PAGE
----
Results

Just over half of the responding graduates partici-pated in AgPAQ (n = 28, 51.9%); the rest participartici-pated in

Figure 1. A comprehensive model of influences on student learning and persistence. (Terenzini and Reason, 2005)

!

Figure 1. A comprehensive model of influences on student learning and persistence. (Terenzini

and Reason, 2005)

1

(6)

322 NACTA Journal • December 2015 The Impact of Two Experiential

Graduates who reported continued significant impact on their career or graduate school explained the benefits that they attribute to the programs:

In Science With Practice, I learned to design, execute and analyze experiments independently, which, I believe, put me ahead of other students entering graduate school. Additionally, I got the opportunity to create and present a poster. It is rare to give poster presentations in undergraduate studies so this was very helpful, especially since I now do at least one per year as a graduate student.

AgPAQ was a great program that was kind of the capstone to a college education. It tied a lot of different areas of education together and put it into real life scenarios. Farming back at home, it is on a much lesser scale in regards to client-based communication and help. I still utilize communication skills I learned with the partners on the farm and bring the knowledge I gained on our agronomy and economics side towards making our operation more profitable. I think a lot of people may think it is not useful if you are not going into agronomy/ sales/service, but it is something I use every day.

Graduates also responded to five specific questions related to how their experience made an impact on them (Table 4). The categories with the highest means for SWP (n = 26, 48.1%). Upon graduation, most (51.9%)

graduates entered the workforce (Table 1). AgPAQ students were more likely to enter the workforce (64.3% versus 38.5% for SWP students), whereas SWP students were more likely to enter graduate school (57.7% versus 10.7% for AgPAQ students). Similarly, AgPAQ students aspired to complete professional development and cer-tifications, whereas SWP students aspired to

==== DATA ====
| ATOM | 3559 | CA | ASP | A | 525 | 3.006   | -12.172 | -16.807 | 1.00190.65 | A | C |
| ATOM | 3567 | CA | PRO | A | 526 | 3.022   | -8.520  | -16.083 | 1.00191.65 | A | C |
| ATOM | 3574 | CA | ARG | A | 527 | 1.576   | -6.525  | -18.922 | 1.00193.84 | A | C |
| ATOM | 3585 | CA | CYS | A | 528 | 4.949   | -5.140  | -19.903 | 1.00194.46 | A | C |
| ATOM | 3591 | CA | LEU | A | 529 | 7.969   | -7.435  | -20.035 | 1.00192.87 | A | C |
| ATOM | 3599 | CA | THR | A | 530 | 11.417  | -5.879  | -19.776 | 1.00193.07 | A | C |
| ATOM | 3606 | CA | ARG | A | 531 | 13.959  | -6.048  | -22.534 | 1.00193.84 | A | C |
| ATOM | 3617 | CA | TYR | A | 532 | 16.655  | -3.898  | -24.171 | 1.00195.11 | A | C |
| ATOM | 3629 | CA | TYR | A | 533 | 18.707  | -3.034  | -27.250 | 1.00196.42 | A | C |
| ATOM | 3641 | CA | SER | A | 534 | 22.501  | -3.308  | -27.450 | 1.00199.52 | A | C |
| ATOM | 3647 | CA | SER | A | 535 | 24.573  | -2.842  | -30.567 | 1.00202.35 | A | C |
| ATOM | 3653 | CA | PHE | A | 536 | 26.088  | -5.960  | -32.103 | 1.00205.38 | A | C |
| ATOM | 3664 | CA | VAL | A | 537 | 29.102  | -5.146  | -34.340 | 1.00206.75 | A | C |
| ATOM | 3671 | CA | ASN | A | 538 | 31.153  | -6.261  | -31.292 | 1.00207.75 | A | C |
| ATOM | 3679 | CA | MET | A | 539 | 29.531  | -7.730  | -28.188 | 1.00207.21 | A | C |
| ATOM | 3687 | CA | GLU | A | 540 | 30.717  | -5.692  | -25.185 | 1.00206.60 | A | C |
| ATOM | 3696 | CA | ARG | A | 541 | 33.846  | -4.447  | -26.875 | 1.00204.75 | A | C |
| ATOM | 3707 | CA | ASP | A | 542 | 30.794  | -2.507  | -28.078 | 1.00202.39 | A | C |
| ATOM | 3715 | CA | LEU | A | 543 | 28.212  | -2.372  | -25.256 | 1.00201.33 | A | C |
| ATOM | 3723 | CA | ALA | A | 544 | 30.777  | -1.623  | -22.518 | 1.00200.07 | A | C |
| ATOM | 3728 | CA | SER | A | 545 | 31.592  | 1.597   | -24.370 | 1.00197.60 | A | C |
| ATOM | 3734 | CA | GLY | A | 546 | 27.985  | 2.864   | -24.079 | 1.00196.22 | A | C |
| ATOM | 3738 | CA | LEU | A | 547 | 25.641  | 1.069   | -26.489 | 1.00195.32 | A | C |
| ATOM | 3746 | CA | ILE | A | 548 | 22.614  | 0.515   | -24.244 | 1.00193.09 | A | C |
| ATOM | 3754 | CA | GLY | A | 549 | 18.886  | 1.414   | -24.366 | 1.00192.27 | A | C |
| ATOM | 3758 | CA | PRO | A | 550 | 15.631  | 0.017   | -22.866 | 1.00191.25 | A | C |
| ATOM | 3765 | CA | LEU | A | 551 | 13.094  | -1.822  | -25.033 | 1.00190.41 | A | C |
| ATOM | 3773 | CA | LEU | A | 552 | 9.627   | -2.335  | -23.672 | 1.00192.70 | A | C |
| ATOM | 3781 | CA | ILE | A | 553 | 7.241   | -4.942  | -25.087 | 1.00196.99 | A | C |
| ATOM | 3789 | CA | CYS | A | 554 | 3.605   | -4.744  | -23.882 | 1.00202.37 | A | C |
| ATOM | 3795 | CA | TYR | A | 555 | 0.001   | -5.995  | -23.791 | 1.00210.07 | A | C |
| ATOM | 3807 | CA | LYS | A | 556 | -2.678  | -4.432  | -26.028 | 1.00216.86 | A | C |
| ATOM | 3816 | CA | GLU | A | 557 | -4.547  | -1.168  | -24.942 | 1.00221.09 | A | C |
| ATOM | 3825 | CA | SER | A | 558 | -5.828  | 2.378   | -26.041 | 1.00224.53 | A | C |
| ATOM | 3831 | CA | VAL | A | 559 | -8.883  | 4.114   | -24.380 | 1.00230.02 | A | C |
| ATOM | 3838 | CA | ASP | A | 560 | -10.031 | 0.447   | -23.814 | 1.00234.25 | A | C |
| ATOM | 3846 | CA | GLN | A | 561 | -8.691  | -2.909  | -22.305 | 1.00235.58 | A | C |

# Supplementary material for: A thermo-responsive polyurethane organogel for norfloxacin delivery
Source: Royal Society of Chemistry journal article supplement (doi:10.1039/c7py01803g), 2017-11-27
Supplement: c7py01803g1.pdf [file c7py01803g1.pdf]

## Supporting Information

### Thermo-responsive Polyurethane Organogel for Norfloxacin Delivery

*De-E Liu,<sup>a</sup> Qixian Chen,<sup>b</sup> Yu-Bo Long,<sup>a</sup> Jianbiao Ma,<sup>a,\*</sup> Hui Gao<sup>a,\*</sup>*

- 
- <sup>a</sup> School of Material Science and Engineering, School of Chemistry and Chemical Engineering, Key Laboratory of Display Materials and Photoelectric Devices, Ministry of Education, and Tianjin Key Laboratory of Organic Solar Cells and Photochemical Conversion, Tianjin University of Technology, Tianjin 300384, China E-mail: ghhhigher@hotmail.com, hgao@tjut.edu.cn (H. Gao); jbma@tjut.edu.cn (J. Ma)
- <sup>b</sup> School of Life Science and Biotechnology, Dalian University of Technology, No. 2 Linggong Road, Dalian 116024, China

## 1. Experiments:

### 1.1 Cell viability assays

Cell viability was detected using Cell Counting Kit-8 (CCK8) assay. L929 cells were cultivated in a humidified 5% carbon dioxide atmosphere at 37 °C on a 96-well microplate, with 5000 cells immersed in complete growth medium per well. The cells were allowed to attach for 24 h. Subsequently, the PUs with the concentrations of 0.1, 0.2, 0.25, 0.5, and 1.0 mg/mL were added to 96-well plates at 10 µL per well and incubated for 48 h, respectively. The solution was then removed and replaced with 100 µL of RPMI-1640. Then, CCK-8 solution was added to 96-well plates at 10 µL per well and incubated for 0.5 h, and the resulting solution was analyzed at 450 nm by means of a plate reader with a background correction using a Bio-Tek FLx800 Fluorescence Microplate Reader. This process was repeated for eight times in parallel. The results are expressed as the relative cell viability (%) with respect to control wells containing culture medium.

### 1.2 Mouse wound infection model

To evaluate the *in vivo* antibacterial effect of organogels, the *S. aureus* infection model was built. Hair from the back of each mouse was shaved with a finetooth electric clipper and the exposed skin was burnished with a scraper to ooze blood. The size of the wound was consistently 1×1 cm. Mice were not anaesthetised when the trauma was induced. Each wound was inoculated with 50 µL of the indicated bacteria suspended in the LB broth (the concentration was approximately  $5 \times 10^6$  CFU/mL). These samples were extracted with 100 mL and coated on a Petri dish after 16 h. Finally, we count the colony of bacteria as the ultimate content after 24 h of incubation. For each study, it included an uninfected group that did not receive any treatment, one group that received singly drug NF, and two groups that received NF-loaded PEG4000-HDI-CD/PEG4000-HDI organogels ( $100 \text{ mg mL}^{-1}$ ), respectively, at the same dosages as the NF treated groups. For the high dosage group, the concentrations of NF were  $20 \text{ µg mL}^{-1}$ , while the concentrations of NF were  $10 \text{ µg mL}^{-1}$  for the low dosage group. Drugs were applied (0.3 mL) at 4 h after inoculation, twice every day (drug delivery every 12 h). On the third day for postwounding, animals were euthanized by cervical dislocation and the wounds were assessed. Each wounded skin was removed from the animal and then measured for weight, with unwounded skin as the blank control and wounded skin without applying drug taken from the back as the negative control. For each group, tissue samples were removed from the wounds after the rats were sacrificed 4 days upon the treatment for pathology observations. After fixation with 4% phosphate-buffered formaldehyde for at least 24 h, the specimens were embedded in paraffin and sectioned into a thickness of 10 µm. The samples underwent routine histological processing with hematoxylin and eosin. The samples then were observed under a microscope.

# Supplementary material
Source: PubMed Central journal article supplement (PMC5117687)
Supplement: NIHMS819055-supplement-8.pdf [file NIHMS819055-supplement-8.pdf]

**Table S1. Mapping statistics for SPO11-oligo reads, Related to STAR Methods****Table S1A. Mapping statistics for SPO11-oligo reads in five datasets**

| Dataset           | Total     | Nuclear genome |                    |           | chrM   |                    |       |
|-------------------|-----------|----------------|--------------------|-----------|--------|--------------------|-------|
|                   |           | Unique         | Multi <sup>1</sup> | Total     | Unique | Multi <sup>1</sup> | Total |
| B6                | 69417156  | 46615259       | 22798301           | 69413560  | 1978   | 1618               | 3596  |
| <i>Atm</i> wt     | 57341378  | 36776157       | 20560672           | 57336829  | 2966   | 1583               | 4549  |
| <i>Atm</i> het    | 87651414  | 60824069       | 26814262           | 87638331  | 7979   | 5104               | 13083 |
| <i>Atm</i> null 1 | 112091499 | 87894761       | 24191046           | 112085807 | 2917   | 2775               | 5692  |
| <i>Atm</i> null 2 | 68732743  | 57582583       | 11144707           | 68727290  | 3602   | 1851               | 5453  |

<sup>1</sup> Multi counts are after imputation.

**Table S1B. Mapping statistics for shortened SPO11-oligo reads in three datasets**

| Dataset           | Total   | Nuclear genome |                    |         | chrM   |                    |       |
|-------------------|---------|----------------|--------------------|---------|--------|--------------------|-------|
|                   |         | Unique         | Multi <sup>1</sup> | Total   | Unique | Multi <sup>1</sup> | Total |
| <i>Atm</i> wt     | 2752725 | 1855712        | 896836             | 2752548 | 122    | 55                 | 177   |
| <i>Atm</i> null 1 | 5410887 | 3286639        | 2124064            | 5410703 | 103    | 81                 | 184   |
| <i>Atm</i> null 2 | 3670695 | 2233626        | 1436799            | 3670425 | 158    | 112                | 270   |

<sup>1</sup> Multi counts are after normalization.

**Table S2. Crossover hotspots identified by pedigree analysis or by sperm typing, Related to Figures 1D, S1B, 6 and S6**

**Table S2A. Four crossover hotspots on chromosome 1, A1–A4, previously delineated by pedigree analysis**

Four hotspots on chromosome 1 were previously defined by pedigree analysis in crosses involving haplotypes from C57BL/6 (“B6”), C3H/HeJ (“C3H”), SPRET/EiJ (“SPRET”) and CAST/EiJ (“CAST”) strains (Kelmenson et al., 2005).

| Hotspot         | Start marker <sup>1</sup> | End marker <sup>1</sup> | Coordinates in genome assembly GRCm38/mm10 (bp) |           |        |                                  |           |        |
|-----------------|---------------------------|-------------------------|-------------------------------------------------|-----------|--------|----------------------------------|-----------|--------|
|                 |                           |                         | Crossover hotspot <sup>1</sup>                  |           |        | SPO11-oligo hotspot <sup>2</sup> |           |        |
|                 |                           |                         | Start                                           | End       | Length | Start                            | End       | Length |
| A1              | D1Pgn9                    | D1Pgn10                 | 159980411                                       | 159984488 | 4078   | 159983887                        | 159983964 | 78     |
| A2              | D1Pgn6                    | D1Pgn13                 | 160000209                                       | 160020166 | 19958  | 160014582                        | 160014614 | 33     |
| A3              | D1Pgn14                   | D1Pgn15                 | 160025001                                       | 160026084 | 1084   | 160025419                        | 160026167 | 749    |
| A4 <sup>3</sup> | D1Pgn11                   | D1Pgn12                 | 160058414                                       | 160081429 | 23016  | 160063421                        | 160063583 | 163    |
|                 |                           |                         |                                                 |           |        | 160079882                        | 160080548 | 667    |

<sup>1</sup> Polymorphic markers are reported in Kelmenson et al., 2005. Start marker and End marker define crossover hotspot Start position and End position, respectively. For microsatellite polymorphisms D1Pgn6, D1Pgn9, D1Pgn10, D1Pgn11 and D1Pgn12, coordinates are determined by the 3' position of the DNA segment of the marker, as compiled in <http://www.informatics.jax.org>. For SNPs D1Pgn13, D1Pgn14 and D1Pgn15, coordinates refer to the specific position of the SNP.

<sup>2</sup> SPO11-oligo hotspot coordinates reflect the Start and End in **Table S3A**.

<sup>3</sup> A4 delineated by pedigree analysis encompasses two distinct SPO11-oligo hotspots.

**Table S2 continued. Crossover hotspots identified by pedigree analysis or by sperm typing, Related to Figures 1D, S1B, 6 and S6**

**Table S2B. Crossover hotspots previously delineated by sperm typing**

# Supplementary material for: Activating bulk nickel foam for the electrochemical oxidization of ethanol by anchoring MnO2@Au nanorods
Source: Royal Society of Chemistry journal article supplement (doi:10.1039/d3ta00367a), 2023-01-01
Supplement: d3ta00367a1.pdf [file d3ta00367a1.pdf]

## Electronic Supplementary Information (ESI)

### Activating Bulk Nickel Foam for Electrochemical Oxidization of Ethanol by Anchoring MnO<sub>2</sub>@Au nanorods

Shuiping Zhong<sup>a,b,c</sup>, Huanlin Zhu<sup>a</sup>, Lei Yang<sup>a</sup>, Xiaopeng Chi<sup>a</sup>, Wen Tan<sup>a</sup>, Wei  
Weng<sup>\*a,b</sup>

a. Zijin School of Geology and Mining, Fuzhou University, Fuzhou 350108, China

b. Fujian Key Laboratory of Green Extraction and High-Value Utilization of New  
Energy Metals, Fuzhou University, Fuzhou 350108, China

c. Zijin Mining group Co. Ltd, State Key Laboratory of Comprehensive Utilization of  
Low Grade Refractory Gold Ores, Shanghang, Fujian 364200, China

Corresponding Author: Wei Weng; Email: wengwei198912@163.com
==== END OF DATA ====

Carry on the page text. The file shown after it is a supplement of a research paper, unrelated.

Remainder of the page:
complete more advanced degrees (Table 2).

Impact on Career and Graduate School

Graduates from both programs reported that their experience had a significant impact on their career or advanced education (Table 3).

Graduates who reported no impact on their career or graduate school explained that the

program was not beneficial because of their individual situations and not because of the program:

At the time of enrollment in AgPAQ, I thought the program would have a great impact on my future career, but now looking back I can say that it was just a group of classes no different than any other. I am not degrading the program; it just wasn’t a program for me.

When I was participating in Science With Practice, my goal was to go to graduate school. However, I decided to take time off from school and work. In my current job, I might be able to use some of the knowledge from my project, but it does not relate well to my current job. If my current job was more research based, it might be more relevant. Nevertheless, I still believe that it was a great experience and I would encourage all students to participate in a project.

Graduates who reported that the programs had an impact early in their career or advanced education provided explanations such as the following:

I feel that the lessons learned in careers stretch way beyond what could even have been reached in SWP, but it definitely eases the transition into the workforce at the beginning. I have to do weekly reporting for my job, so SWP influences that a lot. (And overall, my SWP job does not relate to my current career so most of the knowledge doesn’t transition).

As I gain more experience, I find that I am building my own way of doing things and handling customer relations. The experience I gained in AgPAQ significantly helped me in finding a job and having early confidence to deal with growers in the first year of so of my career.

Table 1. Graduates’ entry decision (n = 54)

AgPAQ SWP Total

Decision n % n % n %

Entered the workforce 18 64.3 10 38.5 28 51.9 Entered graduate school 3 10.7 15 57.7 18 33.3 Returned to family business/farm 5 17.9 0 0.0 5 9.3 Entered the military 0 0.0 0 0.0 0 0.0

Other 2 7.1 1 3.8 3 5.5

Table 2. Graduates’ aspired highest level of education (n = 54)

AgPAQ SWP Total